Death Penalty Opponents Hope To Rally Support Tuesday
Posted July 7, 2003
RALEIGH, N.C. — Efforts to delay executions in North Carolina may pick up steam Tuesday, when supporters of a two-year moratorium hold a news conference to talk about their progress.
Death-penalty opponents say a moratorium on executions is gaining support among churches, business leaders and even local governments.
A moratorium bill passed the State Senate and has gone before the House, where support is about 12 votes short -- mainly because enough lawmakers don't think justice would be served with a delay.
Some people have been waiting for justice since March of 1987, when -- with a security camera rolling -- a robber shot up a convenience store on Person Street in Raleigh.
Customer Eddie Peeples was hit several times as he drank a cup of coffee. William Quinton Jones confessed to the crime and was sentenced to death.
Jones is one of 202 convicted killers awaiting execution on Central Prison's Death Row. His date with death would be delayed another two years if a moratorium on executions passes the state legislature.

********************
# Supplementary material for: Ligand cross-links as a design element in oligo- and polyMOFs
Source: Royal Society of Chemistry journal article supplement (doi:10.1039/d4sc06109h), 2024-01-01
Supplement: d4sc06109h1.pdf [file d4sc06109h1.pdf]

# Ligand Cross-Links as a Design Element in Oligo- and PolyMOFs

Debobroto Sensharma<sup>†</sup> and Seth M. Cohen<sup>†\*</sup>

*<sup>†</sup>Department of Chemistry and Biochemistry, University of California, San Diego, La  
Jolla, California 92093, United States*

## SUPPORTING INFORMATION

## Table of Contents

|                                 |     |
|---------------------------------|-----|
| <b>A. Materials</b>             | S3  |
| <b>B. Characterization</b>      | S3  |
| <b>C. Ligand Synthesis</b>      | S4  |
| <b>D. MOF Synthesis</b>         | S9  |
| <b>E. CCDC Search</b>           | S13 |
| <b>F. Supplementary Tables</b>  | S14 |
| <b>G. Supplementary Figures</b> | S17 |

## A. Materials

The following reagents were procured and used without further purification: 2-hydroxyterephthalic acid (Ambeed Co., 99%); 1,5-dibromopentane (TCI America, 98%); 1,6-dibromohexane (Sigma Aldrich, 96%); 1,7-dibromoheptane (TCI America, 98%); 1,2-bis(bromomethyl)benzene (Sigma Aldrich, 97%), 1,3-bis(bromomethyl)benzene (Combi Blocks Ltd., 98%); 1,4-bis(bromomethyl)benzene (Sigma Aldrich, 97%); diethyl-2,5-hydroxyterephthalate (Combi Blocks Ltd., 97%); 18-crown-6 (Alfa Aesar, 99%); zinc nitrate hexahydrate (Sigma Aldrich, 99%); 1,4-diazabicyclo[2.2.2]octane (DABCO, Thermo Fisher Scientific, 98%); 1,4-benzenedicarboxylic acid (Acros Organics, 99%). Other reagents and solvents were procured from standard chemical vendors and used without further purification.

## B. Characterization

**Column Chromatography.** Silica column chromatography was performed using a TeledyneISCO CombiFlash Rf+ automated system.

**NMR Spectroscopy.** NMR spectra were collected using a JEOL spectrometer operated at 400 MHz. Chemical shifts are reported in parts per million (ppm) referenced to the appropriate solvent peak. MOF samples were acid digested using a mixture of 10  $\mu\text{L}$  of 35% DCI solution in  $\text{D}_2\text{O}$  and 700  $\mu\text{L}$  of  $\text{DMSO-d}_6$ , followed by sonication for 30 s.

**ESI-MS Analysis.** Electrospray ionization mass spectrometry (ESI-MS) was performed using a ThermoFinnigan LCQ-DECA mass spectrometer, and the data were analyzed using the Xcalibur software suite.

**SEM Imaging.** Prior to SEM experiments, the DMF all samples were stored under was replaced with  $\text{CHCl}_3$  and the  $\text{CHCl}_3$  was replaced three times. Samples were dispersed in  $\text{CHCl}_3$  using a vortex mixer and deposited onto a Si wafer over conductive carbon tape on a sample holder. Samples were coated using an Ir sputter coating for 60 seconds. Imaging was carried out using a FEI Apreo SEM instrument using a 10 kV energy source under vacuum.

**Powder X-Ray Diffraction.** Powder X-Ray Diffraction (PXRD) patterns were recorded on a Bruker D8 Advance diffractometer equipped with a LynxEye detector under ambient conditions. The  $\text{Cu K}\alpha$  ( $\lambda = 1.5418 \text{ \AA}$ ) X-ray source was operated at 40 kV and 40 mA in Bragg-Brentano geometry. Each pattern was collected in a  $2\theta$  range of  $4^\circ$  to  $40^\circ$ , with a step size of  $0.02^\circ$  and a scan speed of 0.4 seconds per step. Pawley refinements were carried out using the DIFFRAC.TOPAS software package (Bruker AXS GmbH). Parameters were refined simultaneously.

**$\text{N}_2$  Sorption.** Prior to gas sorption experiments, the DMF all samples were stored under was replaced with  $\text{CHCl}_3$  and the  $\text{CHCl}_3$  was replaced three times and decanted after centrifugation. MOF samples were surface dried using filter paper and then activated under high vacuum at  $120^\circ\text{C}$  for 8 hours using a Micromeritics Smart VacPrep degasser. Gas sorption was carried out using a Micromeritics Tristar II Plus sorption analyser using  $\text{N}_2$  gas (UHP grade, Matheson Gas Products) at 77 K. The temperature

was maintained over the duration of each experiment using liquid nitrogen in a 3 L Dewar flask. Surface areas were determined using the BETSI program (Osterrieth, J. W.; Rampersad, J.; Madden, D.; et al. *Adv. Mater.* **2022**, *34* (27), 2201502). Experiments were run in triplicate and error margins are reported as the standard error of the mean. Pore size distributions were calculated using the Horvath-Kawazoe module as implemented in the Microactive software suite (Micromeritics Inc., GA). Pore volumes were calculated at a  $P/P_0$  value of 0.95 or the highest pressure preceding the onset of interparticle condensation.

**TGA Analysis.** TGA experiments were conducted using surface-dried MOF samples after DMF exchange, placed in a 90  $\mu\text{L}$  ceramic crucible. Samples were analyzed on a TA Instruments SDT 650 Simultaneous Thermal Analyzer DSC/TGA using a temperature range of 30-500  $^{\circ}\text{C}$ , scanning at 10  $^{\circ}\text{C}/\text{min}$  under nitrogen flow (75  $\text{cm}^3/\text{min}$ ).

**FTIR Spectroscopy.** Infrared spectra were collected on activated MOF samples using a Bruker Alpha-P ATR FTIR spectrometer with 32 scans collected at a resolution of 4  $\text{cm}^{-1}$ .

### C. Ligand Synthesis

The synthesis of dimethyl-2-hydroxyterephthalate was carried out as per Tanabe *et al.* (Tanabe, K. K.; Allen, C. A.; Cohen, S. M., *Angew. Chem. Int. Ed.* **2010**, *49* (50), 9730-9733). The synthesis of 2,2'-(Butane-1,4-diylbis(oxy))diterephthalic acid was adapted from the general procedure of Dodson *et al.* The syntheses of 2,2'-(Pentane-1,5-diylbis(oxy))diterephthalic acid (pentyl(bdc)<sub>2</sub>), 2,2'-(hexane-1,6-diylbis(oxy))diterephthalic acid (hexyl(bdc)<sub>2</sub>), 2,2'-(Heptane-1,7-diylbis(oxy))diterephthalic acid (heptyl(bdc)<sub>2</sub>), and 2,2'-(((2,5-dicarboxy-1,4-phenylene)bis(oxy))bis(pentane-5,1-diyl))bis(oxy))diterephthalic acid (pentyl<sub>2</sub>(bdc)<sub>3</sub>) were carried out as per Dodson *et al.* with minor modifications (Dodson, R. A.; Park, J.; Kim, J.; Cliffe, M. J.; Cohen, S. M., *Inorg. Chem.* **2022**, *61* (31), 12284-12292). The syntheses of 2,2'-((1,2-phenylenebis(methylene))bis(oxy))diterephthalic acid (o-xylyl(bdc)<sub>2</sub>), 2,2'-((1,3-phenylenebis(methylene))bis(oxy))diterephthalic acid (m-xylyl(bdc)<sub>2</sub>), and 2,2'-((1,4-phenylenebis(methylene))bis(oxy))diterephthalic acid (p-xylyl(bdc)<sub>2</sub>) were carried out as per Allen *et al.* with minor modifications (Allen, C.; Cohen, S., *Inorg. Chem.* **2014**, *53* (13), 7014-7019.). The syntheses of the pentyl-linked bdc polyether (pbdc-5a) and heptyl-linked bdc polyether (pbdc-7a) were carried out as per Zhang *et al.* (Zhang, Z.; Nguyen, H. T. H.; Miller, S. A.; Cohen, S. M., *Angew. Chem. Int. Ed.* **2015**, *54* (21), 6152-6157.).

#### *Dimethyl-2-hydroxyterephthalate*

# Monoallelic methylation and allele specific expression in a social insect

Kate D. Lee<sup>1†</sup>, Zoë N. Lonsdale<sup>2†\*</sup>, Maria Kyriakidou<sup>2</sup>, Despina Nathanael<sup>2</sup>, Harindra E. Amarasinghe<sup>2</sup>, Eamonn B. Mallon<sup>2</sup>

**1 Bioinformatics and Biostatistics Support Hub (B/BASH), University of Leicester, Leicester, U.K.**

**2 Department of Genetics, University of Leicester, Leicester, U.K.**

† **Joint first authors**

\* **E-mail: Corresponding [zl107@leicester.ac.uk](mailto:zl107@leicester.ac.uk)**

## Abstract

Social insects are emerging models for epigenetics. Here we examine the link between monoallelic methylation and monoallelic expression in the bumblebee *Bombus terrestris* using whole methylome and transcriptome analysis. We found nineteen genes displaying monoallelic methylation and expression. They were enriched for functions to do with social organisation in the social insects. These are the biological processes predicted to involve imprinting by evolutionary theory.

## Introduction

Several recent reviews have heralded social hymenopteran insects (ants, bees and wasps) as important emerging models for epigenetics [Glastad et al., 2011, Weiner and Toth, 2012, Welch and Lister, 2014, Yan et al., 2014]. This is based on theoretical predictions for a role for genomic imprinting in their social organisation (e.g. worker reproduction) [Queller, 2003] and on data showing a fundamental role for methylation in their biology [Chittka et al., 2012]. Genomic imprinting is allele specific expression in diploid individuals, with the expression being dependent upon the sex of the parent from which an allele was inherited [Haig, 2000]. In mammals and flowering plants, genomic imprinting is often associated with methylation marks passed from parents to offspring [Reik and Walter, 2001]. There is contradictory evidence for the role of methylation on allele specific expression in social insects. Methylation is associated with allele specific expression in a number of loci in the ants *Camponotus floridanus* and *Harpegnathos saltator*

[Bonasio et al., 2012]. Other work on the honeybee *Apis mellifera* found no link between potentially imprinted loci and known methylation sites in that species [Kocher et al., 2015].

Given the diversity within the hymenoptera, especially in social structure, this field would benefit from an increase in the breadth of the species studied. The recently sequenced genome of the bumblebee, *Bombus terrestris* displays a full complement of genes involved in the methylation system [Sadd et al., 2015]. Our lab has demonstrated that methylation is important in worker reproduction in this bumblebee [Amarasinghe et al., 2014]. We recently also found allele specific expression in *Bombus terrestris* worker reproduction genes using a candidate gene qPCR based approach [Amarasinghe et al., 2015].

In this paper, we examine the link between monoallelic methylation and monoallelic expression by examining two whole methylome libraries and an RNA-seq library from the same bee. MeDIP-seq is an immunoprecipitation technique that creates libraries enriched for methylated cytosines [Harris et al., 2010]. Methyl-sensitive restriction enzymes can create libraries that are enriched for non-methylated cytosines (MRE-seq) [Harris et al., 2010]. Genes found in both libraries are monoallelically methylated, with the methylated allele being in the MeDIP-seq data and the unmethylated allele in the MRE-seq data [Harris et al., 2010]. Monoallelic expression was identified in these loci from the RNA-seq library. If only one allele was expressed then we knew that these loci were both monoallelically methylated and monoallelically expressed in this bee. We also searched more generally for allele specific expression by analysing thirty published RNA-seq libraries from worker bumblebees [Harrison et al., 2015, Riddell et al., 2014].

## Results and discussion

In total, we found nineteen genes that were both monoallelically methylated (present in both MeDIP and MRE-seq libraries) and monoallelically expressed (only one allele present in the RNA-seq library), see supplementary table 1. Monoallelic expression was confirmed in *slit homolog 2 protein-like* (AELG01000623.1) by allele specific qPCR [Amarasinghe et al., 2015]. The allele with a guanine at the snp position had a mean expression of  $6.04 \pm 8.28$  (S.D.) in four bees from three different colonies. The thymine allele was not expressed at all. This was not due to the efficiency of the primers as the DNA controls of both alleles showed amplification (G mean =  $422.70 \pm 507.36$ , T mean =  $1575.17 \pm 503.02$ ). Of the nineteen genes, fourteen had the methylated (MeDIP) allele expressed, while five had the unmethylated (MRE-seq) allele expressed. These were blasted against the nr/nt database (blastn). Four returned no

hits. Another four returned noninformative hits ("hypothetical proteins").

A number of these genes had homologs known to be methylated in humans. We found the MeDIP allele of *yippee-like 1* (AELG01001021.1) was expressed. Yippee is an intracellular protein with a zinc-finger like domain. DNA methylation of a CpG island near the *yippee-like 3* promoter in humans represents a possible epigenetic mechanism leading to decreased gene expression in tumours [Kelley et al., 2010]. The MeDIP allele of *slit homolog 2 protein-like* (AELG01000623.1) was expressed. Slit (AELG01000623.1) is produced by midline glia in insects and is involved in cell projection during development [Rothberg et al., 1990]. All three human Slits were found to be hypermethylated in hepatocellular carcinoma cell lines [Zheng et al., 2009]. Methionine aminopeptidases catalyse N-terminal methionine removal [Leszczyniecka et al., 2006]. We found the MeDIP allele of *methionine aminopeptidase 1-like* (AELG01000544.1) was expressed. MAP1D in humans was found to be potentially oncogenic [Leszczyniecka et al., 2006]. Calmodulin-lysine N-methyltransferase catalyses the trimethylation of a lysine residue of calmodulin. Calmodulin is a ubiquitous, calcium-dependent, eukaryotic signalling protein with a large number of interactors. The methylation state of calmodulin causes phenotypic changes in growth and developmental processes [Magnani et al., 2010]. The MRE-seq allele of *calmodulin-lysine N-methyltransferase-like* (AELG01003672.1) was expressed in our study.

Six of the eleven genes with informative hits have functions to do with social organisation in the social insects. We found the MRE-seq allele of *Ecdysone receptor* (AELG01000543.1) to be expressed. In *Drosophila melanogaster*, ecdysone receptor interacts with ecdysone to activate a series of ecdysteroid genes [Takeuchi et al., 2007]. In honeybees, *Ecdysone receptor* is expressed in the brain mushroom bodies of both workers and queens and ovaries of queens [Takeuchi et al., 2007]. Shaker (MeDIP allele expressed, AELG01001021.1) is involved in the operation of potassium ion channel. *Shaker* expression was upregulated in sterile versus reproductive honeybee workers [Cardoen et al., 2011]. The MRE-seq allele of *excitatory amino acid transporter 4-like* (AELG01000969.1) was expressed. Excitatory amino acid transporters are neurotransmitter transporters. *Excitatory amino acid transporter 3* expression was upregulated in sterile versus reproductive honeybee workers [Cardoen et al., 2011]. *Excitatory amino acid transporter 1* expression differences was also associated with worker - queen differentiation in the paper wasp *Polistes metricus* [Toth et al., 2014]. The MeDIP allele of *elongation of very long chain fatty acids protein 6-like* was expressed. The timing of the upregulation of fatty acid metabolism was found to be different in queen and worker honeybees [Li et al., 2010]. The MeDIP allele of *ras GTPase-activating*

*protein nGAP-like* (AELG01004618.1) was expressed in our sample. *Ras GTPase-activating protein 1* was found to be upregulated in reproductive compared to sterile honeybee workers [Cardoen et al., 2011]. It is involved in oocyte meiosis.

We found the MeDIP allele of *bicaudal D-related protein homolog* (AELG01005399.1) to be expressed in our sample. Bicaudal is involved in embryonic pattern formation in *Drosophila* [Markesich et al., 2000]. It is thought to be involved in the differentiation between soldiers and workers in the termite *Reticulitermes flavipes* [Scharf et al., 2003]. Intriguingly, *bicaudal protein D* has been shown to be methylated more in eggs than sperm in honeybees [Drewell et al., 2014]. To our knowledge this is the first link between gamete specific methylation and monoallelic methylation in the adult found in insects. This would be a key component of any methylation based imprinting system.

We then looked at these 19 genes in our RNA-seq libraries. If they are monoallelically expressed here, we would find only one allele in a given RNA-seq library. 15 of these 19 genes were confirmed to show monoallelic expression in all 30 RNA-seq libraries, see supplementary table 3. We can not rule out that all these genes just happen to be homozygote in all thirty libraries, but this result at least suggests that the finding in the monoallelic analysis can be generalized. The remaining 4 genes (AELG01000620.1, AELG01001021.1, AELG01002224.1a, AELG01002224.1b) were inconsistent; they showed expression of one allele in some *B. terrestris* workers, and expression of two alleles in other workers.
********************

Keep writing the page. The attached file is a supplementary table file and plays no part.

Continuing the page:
"It means we are going to take a timeout and not execute anybody while we study whether or not the death penalty is fair," said Rep. Deborah Ross, D-Wake County.
Ross said she has received more than 200 letters from constituents supporting the moratorium.
Wake County District Attorney Colon Willoughby convicted Jones. He points to Jones' case as reason to move forward with executions.
"The appellate process for cases now takes from eight to 12 years to do the review by dozens of judges at all different levels," Willoughby said. "And to arbitrarily add two more years to the delay is time and expense and a slap in the face to the victims."
Willoughby said a few court cases of death-row inmates may justify review, but a temporary moratorium on executions for all 202 inmates would be a step in the wrong direction.